Meanwhile across the world there are more extreme voices, and more cries of ‘fake’ news. There has been a worrying decline in public confidence in democratic institutions, including media organisations, even as authoritarian regimes are on the rise. This matters because democracies depend upon the bonds of shared information, transparency and cultural confidence to function effectively.  In a complex and uncertain world, the ABC is consistently rated as Australia’s most trusted media organisation.

This is something we are determined to maintain. We are a force for social cohesion today. And looking ahead, the ABC’s positive and unifying role in Australian life may well become more important than ever.



Our new Five-Year Plan sets out our agenda. This is the first time we’ve adopted a five-year strategy rather than planning within our triennial funding cycle. We have developed this plan and shared it because we want strategic clarity and a shared organisation- wide understanding of our objectives. Because it’s important that all our stakeholders across the country — and that includes every Australian — are clear about our aims and plans for the future. We believe a five-year funding cycle would take the ABC out of the politics of the three-year federal electoral cycle and further safeguard its independence.

Let me go through our priorities briefly.

More Local

We’ll be More Local.  We are currently in 56 locations, – with 48 of them in regional areas.  We will further decentralise ABC operations, in outer metropolitan areas and regional centres.

We will strive to be part of more communities, building more connections in more places: by 2025, we want to have at least 75 per cent of our content-makers working in locations beyond our Ultimo headquarters.

More Diverse

We’ll be More Diverse.  The ABC belongs to all Australians, no matter who they are, or where they are – cities, suburbs, regions or the bush. We will commission stories that reflect the dynamic variety of Australian experiences and perspectives, including socio-economic and geographic differences.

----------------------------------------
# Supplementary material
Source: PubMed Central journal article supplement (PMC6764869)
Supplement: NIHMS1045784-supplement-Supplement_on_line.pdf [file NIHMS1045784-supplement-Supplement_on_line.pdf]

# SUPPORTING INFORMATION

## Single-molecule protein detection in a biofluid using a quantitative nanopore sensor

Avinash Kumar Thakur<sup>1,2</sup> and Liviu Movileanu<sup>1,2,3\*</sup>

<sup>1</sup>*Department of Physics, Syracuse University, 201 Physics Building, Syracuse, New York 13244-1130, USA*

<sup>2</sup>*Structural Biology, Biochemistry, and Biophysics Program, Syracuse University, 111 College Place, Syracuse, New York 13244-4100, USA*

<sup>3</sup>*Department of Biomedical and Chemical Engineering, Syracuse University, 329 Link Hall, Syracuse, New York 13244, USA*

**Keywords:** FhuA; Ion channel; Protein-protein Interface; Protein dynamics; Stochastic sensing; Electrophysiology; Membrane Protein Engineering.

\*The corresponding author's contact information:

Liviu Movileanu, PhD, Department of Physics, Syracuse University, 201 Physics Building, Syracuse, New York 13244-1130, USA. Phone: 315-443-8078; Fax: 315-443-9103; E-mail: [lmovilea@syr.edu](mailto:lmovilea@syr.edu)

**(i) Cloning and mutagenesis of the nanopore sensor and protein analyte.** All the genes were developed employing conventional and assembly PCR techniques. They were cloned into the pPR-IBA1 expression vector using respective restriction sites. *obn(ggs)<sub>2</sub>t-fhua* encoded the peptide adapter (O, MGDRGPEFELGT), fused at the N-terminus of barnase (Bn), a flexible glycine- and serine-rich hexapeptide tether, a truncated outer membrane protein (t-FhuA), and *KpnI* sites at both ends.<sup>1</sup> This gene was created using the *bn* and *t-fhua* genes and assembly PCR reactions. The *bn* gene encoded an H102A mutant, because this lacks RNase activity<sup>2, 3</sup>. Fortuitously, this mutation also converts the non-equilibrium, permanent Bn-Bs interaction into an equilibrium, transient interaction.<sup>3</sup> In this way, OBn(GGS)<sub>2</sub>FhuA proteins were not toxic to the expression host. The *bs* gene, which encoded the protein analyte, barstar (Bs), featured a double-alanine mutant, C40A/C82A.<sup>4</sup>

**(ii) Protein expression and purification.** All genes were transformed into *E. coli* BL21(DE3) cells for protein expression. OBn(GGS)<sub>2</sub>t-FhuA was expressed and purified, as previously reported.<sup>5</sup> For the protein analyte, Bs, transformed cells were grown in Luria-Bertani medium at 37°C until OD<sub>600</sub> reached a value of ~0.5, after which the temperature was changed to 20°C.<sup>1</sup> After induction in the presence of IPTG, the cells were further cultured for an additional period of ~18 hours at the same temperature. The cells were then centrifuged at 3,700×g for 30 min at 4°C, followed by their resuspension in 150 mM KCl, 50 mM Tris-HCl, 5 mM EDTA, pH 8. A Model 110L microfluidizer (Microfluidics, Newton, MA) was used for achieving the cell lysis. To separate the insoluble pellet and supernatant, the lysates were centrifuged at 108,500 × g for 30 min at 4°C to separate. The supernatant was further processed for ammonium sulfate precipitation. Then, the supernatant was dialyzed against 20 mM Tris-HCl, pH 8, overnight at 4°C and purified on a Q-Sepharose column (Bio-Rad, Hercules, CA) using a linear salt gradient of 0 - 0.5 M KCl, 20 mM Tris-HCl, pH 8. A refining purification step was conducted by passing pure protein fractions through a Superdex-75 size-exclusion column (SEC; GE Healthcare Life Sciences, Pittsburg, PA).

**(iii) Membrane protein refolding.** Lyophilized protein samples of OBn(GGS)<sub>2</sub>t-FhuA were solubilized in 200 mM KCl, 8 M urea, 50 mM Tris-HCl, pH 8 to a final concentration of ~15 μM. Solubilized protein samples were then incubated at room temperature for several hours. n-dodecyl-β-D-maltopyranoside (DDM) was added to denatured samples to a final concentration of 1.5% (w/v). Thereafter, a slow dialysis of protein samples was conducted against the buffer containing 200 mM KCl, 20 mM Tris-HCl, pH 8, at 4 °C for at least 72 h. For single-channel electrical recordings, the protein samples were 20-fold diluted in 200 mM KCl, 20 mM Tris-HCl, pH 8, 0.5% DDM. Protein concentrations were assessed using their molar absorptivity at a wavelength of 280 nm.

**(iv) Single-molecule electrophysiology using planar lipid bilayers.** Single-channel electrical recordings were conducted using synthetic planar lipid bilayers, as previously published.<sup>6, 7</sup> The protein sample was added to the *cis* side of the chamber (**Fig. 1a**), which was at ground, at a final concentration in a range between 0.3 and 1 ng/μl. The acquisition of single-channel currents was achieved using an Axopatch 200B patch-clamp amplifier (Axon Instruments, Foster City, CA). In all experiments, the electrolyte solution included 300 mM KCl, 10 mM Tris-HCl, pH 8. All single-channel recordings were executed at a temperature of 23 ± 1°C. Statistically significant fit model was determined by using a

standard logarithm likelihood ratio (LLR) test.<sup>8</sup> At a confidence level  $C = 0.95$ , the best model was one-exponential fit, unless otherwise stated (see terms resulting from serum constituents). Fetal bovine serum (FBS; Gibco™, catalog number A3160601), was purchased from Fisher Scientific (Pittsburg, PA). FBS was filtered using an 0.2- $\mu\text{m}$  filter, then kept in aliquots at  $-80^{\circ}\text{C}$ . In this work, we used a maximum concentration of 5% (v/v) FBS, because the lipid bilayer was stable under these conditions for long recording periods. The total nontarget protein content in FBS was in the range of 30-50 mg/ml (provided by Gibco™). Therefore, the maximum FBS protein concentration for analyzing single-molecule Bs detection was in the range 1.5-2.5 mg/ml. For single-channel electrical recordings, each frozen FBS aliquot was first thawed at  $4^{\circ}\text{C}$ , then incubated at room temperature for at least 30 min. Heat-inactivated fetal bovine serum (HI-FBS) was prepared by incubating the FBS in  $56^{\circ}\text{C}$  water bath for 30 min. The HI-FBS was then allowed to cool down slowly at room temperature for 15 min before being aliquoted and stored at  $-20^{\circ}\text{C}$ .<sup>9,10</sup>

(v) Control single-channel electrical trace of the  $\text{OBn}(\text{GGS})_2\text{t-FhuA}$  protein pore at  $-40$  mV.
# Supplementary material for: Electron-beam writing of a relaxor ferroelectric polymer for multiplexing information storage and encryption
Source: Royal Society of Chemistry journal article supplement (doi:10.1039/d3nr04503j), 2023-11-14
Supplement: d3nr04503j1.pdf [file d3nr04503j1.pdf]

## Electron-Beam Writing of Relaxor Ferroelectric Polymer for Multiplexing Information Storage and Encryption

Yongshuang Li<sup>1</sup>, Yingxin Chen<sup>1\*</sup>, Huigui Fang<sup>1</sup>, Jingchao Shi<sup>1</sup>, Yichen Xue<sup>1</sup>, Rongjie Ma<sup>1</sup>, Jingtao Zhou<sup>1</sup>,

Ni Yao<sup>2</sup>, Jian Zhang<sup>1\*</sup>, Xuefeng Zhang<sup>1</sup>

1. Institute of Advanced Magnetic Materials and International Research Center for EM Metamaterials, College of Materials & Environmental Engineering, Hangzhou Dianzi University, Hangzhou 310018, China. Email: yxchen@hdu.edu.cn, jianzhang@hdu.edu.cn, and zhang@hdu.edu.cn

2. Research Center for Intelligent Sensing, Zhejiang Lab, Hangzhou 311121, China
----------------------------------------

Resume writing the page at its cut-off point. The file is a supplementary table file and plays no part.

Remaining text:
Our commitment to social and cultural diversity will also be better reflected in the profile of our staff.  And if we are to do our job, if we are to serve all Australians, we need to be recognised as an employer of choice...

More Personalised

We will be More Personalised. Australians want to connect with the ABC across many platforms; not just radio and television, but increasingly, through digital platforms including live blogs, mobile alerts, streaming and social media. With their consent, we will be able to learn more about audience preferences and offer more-targeted services, including news alerts and analysis, and content recommendations.

More Capable

We will be more capable. As we move to a more dispersed and diverse workforce, offering personalised services to our diverse audiences, the ABC will require the right technology and security underpinnings.  We will progressively upgrade and migrate our systems to a set-up that is cloud-based, mobile, adaptable and available on demand.  This agility will be crucially important when we serve Australia in times of crisis.


The ABC is currently undergoing one of the biggest transformations in its 88-year history. Its first wireless radio broadcast back in July 1932 was estimated to have reached six per cent of Australia’s population. Today the ABC reaches 90 percent of the population each year. The traditions and trust developed in those 88 years are the bedrock for the future.

The ABC’s Charter is our guiding principle; the ABC’s Five-Year plan positions us to meet audiences expectations now and into the future. As its 14th Managing Director, I am determined that the ABC continues its journey, while maintaining its independence.

That includes continuing to work hard to maintain our standing as the nation’s most trusted source of news; continuing to be committed – fearlessly – to public interest journalism;  and continuing to be an essential contributor to the Australian way of life, upholding the values we hold dear as a free and confident society.

The ABC is Australia’s most important cultural and media institution, and I am honoured to be its custodian.


Answering questions after his speech, David Anderson said: "I think it’s entirely appropriate that the ABC receives revenue for the value that it provides to the Australian people... Rather than revenue go to commercial operators because of what we’re doing, I think that it should come to the ABC to ­reinvest it into public interest journalism... I certainly accept that it’s difficult times for commercial operators, they’re doing it tough, they’re relying on a revenue stream, which is falling and falling dramatically.”

View the full speech here.